The “I” in “team”

I’ve had some fraught experiences working in teams. Perhaps the most farcical was the Young Enterprise team I was part of at sixth form college. There we were, a bunch of optimistic unrealistic 16 and 17 year-olds, thinking we might be millionaires earn some extra pocket money. I should explain the Young Enterprise scheme was designed to get young people to play at being business people, designing a product and selling it, in the hope of raising a new generation of entrepreneurs.
 
We had a self-appointed “managing director” who balanced misogyny with greasy hair. We came up with a piece of educational software to sell, but things rapidly fell apart. Our software developer had a shouting match with the managing director outside the Maths classrooms, culminating in a coup (after various things had been chucked around). We never really recovered.
 
I’m happy to report that since beginning my professional life as an economist, team-work has generally been surprisingly calm and fruitful. So perhaps it was just a school thing.
 
From an economic theorist’s point of view, the effectiveness of a team ought to depend on the incentives or rewards. People might put less effort in if the reward is split across the whole team. Or, there might be other social effects that mean that people feel bad about letting down other team members.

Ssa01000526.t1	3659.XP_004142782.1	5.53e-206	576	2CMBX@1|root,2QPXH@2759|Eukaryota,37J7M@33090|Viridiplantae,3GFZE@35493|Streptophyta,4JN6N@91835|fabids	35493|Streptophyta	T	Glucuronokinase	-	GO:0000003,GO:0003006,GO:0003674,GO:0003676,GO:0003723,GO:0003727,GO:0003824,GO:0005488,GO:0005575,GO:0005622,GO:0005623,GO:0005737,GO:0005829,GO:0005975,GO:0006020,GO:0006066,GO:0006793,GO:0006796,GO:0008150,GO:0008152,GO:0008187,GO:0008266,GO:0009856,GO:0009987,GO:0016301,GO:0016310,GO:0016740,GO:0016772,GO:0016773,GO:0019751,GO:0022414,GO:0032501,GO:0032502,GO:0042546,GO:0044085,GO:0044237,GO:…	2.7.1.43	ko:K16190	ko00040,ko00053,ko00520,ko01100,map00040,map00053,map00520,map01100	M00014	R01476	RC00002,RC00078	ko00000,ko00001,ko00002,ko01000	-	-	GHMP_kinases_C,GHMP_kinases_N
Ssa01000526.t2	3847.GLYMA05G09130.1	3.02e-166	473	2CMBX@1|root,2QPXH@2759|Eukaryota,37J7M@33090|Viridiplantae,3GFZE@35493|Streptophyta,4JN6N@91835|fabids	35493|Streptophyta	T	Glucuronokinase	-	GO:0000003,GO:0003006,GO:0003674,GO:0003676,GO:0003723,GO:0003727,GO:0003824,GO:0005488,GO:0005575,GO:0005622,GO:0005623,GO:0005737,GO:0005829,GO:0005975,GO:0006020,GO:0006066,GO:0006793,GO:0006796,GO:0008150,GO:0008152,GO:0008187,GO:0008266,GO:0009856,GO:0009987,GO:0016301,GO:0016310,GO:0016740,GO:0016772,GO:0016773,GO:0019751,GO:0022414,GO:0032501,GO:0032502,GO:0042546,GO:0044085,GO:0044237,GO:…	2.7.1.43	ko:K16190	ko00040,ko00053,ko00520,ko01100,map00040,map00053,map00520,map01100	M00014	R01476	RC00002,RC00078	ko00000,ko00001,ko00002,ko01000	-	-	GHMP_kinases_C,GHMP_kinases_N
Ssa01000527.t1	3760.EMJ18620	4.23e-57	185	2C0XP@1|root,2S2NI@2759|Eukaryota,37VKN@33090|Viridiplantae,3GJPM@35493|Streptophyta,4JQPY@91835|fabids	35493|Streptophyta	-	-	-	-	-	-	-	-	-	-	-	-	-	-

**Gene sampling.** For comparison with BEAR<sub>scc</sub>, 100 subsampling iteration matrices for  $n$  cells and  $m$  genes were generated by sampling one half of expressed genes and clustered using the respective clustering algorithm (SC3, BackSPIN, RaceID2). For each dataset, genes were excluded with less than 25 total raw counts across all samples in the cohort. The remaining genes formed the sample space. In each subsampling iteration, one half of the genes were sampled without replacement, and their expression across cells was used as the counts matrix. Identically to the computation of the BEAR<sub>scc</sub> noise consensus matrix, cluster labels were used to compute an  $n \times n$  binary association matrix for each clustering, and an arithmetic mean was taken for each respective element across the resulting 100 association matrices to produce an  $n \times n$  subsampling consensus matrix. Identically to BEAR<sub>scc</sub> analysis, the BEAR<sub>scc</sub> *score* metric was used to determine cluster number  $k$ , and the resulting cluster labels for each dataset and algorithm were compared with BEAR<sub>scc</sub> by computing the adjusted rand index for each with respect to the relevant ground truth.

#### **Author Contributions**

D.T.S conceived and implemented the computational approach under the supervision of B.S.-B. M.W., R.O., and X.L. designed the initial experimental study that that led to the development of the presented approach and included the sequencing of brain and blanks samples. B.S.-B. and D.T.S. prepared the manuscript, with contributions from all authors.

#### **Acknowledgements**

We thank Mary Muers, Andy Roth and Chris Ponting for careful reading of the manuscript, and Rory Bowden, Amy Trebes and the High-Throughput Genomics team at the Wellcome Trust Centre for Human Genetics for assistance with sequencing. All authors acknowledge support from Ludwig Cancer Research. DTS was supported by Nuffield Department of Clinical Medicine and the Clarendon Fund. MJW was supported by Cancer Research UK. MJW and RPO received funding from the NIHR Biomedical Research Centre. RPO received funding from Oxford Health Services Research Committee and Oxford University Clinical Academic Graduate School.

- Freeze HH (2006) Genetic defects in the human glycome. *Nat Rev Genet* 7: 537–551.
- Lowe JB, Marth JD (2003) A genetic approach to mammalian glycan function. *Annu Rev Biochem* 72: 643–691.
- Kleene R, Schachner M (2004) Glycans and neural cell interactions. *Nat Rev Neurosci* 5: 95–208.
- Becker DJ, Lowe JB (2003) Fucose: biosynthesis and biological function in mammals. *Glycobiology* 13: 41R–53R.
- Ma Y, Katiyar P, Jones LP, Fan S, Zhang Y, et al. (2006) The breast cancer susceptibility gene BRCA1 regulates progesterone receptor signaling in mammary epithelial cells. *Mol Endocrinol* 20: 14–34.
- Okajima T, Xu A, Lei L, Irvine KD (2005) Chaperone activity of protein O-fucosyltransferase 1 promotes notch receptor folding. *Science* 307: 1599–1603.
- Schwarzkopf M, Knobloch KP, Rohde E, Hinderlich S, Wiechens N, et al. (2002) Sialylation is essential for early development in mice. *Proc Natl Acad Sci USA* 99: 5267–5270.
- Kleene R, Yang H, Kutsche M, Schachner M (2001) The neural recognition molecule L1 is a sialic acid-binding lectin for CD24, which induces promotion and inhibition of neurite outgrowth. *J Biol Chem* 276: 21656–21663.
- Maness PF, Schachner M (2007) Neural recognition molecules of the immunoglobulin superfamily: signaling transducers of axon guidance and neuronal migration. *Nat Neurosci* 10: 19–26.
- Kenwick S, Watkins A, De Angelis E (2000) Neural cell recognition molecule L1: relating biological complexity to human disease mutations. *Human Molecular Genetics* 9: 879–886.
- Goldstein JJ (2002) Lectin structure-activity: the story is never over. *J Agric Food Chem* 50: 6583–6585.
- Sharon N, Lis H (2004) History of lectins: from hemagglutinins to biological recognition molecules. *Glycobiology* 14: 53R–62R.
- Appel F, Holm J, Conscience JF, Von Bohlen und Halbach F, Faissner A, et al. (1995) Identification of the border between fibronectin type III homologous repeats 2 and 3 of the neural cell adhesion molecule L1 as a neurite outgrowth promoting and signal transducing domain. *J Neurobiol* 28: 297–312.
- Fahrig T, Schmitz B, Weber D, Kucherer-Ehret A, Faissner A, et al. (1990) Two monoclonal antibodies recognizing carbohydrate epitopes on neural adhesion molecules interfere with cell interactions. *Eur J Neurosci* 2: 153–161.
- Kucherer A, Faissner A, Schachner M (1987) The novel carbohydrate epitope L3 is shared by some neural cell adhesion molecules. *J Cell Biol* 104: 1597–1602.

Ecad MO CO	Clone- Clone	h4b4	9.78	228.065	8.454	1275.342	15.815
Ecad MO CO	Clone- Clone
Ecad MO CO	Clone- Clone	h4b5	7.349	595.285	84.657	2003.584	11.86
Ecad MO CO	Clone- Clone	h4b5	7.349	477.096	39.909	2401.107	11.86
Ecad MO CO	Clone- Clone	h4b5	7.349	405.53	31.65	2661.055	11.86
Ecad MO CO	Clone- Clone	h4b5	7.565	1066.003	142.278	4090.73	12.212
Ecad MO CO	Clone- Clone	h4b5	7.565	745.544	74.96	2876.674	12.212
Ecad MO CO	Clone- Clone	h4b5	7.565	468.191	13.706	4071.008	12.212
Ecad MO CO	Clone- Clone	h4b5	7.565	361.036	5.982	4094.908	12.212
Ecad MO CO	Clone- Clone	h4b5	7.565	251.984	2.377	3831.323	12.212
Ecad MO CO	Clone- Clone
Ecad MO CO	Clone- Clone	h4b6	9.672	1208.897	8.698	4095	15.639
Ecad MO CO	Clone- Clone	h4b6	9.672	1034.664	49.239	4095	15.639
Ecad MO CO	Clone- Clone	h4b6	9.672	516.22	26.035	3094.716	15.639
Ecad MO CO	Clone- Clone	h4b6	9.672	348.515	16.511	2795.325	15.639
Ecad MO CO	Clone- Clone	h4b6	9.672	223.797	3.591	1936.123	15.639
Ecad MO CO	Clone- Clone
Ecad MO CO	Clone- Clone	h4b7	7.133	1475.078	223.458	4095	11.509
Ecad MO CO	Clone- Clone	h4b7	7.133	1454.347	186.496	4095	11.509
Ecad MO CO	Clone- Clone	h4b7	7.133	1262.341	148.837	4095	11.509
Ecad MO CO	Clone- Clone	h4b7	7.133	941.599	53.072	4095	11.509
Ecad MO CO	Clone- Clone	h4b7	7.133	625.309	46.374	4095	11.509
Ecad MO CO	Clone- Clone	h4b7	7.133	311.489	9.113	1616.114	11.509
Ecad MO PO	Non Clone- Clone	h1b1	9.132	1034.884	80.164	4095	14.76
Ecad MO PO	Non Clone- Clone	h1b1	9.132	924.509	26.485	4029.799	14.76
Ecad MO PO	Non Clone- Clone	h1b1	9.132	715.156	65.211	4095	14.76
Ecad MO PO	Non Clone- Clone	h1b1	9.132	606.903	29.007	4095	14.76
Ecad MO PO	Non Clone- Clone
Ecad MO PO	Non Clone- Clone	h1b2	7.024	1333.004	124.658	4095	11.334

A recent paper from economists at the University of California set out to investigate. Students were given rewards if they made it to the gym a certain number of times. But there was a catch for one of the groups of students, who were paired up. For this group, the reward each student got depended on how well their team-mate did.

There wasn’t much effect on students who were already good at making it to the gym – the “active” types. But “inactives” – the ones who, before the experiment weren’t so motivated – did a lot better, particularly when they were matched with “active” types. So getting a high-flyer in your team might guilt trip everyone else into trying harder. 

Not that anyone seemed to feel guilty in my Young Enterprise team.

The full paper is here.

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